Satellite imagery to monitor invasive species in the Karlovy Vary Region

The Karlovy Vary Regional Office

The Karlovy Vary Region is one of the 17 administrative units of the Czech Republic, in the western part of Bohemia. 43.1% of the regional territory is covered with forest, including the Protected Landscape Area of the Slavkov Forest. Among other tasks, the Regional office is leading a project aimed at reducing the incidence of invasive plants in the area.

The challenge

The Karlovy Vary Region is severely affected by invasive species, and in particular by the Heracleum mantegazzianum, commonly known as giant hogweed. This is a herb, 200-500cm tall, native of the western Caucasus. The species was introduced in the area in the second half of the 19th century and is currently infesting 2% of the region. Its spread was probably due to the complicated history of the region. Indeed, the displacement of German citizens after World War II and the establishment of a military area in 1950´s led to a lack of appropriate environmental management.

The giant hogweed spreads rapidly, outcompeting native species, and its elimination is very difficult. It represents a serious threat to biodiversity, ecosystems and landscape dynamics. Moreover, its juice is toxic and can produce skin diseases.

Early detection is crucial to manage invasive species more efficiently and at lower costs. Traditionally, aerial photography has been employed as the most common remote sensing tool to map and quantify invasive species. Nevertheless, as species normally disperse over long distances, this technique is insufficient to provide precise and timely information over large areas.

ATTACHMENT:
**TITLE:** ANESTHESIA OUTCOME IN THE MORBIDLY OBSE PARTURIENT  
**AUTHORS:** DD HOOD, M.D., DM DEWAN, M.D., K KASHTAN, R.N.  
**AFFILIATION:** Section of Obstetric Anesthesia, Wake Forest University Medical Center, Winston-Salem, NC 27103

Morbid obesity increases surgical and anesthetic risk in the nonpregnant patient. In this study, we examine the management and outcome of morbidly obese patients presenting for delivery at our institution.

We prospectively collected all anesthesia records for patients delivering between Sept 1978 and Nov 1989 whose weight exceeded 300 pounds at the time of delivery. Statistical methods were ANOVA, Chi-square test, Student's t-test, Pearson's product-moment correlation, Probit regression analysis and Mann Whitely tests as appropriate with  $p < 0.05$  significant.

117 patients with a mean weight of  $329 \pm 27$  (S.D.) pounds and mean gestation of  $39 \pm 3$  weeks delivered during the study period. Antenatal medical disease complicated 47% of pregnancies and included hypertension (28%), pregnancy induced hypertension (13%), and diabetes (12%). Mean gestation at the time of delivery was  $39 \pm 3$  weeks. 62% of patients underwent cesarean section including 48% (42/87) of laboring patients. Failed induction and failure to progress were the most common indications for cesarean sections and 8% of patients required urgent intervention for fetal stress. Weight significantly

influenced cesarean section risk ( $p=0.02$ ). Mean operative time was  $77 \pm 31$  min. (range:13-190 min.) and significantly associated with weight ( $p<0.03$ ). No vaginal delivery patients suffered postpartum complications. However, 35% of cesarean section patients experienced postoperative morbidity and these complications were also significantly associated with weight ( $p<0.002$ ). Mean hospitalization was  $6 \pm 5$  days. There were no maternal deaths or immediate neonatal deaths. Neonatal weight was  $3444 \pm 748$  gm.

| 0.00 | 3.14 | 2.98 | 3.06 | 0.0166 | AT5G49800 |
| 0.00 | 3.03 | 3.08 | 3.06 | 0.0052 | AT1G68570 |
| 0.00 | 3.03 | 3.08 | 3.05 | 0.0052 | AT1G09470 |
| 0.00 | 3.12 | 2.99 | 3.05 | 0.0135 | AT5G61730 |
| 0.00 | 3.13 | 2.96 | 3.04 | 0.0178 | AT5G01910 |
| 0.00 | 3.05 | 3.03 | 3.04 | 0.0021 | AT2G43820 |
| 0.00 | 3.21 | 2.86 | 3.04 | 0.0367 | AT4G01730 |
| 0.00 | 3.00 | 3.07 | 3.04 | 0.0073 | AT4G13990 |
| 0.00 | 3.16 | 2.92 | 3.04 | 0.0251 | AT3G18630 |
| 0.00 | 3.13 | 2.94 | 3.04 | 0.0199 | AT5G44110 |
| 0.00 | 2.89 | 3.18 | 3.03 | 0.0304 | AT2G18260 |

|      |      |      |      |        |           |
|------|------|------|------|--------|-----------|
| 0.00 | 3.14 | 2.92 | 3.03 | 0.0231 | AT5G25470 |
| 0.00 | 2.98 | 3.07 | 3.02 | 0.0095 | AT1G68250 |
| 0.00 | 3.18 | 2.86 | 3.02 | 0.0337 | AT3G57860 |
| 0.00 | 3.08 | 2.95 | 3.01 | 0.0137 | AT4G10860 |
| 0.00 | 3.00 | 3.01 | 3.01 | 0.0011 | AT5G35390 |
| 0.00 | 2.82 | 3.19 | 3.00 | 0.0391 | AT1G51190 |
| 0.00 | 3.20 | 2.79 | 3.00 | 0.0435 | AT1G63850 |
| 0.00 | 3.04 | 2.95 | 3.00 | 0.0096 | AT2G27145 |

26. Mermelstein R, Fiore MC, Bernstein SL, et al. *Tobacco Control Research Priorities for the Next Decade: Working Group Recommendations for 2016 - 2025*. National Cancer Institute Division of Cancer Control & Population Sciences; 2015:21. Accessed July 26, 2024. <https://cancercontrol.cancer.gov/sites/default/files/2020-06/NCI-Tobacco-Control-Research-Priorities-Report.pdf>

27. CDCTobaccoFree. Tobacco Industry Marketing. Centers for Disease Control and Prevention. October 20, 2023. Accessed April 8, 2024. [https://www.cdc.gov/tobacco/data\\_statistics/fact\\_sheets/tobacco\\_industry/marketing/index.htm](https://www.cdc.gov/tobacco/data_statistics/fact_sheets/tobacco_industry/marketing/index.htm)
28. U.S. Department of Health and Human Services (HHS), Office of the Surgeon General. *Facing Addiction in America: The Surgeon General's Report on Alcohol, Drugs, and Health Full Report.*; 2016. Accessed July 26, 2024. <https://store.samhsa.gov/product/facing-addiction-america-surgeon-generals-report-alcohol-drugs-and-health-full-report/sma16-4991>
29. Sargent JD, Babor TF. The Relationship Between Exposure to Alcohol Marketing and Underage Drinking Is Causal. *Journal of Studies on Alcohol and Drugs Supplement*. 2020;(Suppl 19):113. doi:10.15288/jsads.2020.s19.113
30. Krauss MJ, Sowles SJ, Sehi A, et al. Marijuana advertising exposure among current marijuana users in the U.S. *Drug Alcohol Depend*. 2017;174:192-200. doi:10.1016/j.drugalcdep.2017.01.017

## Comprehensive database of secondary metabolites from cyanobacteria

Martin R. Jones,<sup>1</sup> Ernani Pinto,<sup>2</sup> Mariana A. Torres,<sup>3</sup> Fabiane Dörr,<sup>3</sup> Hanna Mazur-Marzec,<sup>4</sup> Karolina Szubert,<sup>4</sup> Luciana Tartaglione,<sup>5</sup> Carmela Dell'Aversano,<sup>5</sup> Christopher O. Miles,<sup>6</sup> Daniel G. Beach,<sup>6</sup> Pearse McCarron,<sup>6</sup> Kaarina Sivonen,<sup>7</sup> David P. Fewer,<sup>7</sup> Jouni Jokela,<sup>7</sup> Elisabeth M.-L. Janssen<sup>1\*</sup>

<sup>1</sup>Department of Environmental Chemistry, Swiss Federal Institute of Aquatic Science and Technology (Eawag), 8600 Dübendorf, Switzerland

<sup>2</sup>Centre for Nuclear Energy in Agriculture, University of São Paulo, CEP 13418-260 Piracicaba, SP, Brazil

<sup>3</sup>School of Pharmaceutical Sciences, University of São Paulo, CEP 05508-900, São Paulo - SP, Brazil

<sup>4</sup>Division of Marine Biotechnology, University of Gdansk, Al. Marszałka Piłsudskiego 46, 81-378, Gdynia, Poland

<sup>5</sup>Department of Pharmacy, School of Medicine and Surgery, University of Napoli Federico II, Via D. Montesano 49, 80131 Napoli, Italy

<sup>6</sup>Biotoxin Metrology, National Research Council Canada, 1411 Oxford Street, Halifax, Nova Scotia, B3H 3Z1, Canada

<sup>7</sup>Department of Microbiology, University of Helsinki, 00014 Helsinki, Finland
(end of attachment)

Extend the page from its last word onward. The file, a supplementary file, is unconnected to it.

The satellite solution

Since 2000, a research consortium, including the Pruhonice Institute of Botany of the Czech Academy of Sciences, started a project aimed at exploring the potential of various surveying techniques to better manage invasive plants and to reduce the costs of extensive field campaigns.

The extension and location of the giant hogweed in the Protected Landscape Area of the Slavkovský Forest was mapped using a combination of aerial and satellite data. The data collected through aerial imagery offered a high accuracy to map hogweed on small extensions; satellite imagery allowed the team to identify large patches of the infesting species over the whole study area, and to monitor its impact on the regional landscape.

The results

By combining aerial and satellite imagery, it was possible to identify the progression of giant hogweed in detail and to verify the accuracy of the field mapping. Satellite-based data were used to choose the best study area to implement pilot projects, to prioritise interventions where the hogweed invasion is more likely to occur and to manage eradication and prevention activities. In the future, satellite imagery will be used to monitor the results of the activities currently implemented.

By combining aerial and satellite imagery it is possible to map the extension of invasive plants both at local and regional scales. We are looking forward to the Sentinel data to ensure continuity in our current efforts to monitor and eradicate such species”, Jana Mullerova, Pruhonice Institute of Botany CAS